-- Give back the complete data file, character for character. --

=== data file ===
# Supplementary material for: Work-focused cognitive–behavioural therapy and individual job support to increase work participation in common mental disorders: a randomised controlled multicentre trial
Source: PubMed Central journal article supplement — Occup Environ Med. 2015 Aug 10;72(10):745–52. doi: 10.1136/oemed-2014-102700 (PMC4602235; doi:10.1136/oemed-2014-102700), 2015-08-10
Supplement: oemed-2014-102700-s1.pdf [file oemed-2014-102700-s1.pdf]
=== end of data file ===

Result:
# Supplementary material for: Work-focused cognitive–behavioural therapy and individual job support to increase work participation in common mental disorders: a randomised controlled multicentre trial
Source: PubMed Central journal article supplement — Occup Environ Med. 2015 Aug 10;72(10):745–52. doi: 10.1136/oemed-2014-102700 (PMC4602235; doi:10.1136/oemed-2014-102700), 2015-08-10
Supplement: oemed-2014-102700-s1.pdf [file oemed-2014-102700-s1.pdf]